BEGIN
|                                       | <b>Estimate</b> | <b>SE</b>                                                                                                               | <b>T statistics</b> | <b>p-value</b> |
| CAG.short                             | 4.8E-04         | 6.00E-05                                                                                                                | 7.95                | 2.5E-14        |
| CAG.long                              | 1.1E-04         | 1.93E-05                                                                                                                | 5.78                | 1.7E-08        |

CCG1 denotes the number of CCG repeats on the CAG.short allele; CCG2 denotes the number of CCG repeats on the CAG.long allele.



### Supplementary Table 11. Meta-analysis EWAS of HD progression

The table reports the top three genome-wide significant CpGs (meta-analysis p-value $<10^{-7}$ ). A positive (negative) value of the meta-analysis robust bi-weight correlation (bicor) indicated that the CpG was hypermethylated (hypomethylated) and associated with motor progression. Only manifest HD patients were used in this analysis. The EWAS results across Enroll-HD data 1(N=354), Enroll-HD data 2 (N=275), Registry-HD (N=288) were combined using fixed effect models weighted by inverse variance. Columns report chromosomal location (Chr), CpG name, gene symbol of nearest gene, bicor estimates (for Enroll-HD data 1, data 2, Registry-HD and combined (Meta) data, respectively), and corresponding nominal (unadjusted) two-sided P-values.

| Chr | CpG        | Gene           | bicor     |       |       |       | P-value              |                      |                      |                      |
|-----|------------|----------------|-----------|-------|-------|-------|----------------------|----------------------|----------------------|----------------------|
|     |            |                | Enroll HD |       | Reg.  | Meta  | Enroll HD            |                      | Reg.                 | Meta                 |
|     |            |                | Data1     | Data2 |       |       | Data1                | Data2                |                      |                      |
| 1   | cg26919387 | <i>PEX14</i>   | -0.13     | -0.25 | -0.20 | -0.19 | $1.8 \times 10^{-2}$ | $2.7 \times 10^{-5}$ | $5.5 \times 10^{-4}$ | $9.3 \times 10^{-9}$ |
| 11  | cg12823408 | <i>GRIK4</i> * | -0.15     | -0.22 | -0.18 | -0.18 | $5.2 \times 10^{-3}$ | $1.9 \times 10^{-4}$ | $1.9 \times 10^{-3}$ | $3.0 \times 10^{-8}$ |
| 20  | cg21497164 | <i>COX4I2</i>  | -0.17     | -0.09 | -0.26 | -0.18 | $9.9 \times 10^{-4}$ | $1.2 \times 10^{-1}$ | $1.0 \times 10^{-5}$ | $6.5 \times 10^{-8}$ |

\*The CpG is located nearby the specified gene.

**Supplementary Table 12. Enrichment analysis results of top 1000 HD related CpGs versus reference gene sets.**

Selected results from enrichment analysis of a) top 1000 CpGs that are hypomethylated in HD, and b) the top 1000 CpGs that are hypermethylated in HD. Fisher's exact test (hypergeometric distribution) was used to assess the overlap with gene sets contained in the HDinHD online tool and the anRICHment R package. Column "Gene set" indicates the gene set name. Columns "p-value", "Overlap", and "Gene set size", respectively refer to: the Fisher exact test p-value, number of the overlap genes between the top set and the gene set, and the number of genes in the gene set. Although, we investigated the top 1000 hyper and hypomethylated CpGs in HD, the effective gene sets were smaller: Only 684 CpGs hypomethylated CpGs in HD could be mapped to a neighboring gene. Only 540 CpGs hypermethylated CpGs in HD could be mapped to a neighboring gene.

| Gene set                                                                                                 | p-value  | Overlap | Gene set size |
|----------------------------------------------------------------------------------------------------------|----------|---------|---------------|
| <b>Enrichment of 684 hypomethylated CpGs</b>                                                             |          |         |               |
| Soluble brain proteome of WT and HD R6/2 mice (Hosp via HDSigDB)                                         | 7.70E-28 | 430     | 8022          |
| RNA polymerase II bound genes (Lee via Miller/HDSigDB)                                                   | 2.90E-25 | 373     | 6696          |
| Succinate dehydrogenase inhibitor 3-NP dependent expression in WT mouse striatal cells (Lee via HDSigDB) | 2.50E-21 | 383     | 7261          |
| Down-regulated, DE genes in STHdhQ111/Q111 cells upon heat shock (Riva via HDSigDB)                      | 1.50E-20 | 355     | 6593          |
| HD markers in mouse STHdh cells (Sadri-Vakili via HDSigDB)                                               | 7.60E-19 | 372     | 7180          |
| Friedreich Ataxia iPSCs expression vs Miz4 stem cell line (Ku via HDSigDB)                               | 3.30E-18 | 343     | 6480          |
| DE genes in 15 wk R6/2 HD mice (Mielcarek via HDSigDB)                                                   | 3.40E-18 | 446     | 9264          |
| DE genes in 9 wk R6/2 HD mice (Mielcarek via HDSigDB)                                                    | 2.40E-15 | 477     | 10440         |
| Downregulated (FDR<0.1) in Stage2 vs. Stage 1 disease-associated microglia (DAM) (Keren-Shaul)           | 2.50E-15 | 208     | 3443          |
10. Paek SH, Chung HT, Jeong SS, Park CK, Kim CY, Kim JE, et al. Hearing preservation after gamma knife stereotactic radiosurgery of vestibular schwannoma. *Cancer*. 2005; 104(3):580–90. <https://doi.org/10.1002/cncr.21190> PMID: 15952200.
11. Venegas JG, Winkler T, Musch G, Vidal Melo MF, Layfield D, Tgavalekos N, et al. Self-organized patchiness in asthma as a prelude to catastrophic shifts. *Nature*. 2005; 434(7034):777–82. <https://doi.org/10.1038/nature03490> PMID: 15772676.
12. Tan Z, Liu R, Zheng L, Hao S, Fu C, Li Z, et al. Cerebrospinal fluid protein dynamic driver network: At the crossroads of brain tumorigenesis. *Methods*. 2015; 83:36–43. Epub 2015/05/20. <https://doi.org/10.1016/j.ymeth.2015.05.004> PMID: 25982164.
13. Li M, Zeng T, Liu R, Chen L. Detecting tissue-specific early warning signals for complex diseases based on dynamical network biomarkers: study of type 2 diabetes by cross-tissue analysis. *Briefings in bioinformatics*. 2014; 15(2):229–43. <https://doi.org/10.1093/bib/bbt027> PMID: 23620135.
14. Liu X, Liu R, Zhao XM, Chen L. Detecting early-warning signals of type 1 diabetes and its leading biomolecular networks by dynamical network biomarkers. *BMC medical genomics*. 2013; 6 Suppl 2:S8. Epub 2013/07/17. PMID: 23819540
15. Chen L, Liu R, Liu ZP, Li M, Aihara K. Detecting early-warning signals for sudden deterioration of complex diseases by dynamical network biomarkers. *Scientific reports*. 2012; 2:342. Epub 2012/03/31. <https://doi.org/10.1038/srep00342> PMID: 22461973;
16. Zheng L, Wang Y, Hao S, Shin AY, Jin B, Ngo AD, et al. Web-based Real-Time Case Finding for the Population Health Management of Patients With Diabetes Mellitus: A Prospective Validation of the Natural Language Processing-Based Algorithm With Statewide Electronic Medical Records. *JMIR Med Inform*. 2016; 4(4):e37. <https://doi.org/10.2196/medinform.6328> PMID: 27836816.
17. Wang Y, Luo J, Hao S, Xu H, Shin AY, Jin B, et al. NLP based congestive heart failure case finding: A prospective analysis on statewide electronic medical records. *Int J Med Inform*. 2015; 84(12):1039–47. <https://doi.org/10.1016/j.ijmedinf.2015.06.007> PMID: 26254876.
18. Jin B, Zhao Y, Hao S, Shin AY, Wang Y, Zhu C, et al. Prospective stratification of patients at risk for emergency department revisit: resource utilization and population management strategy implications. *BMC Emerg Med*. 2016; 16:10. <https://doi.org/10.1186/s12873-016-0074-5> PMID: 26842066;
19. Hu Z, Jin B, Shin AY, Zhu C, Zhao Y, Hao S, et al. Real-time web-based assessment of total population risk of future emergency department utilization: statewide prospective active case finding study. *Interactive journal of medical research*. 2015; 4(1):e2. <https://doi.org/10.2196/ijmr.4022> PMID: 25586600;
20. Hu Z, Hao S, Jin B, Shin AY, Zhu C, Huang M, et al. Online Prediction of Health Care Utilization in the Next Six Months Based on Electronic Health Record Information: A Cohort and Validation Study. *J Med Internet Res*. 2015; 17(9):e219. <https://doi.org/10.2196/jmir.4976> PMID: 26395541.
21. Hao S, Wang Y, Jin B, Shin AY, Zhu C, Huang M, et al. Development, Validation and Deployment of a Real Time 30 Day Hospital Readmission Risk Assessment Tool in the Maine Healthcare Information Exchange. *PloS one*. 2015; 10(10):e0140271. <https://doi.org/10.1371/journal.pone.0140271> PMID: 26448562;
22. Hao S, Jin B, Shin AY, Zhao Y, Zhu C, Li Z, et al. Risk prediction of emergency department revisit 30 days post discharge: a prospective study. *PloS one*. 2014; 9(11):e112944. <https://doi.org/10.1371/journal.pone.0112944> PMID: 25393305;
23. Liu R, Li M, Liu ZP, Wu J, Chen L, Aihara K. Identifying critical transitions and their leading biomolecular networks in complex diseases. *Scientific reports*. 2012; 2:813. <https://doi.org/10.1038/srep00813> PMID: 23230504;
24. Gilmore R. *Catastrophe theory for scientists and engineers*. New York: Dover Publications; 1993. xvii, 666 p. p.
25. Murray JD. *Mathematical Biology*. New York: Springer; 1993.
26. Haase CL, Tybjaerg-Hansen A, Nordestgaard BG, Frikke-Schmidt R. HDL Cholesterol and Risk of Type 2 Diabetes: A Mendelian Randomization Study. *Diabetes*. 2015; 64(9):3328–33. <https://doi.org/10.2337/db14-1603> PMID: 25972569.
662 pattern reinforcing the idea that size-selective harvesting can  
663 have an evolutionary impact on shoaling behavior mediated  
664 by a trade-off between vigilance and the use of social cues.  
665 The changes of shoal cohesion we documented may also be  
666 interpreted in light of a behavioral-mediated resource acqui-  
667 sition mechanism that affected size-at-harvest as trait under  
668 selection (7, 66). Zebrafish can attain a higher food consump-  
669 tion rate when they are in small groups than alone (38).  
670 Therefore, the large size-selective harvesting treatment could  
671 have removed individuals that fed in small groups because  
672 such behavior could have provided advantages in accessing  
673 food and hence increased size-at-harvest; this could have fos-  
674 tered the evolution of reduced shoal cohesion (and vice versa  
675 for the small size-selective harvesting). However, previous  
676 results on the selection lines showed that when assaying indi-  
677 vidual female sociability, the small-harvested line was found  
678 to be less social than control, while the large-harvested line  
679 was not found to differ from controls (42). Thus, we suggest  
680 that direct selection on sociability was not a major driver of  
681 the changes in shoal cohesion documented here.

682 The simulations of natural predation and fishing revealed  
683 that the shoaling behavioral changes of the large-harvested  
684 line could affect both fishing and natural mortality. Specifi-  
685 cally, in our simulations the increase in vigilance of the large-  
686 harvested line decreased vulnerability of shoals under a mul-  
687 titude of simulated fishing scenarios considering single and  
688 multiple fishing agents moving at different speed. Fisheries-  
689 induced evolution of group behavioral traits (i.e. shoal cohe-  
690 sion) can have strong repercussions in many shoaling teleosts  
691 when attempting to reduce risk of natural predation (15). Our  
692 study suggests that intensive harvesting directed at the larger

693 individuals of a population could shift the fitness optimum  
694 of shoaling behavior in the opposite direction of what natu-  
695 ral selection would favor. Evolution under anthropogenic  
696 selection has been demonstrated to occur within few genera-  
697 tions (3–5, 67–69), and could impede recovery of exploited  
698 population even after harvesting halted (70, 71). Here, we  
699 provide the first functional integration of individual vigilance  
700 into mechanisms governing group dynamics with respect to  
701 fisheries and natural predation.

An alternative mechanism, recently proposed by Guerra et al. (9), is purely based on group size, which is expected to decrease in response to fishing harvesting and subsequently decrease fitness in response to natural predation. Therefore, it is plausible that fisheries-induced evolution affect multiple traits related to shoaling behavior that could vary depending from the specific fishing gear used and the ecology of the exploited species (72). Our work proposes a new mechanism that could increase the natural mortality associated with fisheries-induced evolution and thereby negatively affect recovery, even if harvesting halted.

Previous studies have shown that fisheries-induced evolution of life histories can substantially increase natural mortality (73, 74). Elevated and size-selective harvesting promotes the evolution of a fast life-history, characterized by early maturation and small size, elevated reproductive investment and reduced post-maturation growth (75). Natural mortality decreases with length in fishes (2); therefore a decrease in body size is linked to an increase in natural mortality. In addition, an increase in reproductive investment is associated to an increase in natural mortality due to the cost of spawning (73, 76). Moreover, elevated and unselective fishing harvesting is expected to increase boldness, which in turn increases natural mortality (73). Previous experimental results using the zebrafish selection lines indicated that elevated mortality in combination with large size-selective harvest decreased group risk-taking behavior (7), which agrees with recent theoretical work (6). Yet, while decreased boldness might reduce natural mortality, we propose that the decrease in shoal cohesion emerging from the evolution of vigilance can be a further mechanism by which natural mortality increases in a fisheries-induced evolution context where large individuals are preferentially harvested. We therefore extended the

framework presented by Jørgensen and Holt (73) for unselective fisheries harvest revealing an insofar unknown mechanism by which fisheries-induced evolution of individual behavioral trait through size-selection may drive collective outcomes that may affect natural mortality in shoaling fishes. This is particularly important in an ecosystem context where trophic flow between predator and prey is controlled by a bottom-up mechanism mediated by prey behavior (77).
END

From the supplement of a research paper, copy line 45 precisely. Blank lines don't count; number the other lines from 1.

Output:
26. Haase CL, Tybjaerg-Hansen A, Nordestgaard BG, Frikke-Schmidt R. HDL Cholesterol and Risk of Type 2 Diabetes: A Mendelian Randomization Study. *Diabetes*. 2015; 64(9):3328–33. <https://doi.org/10.2337/db14-1603> PMID: 25972569.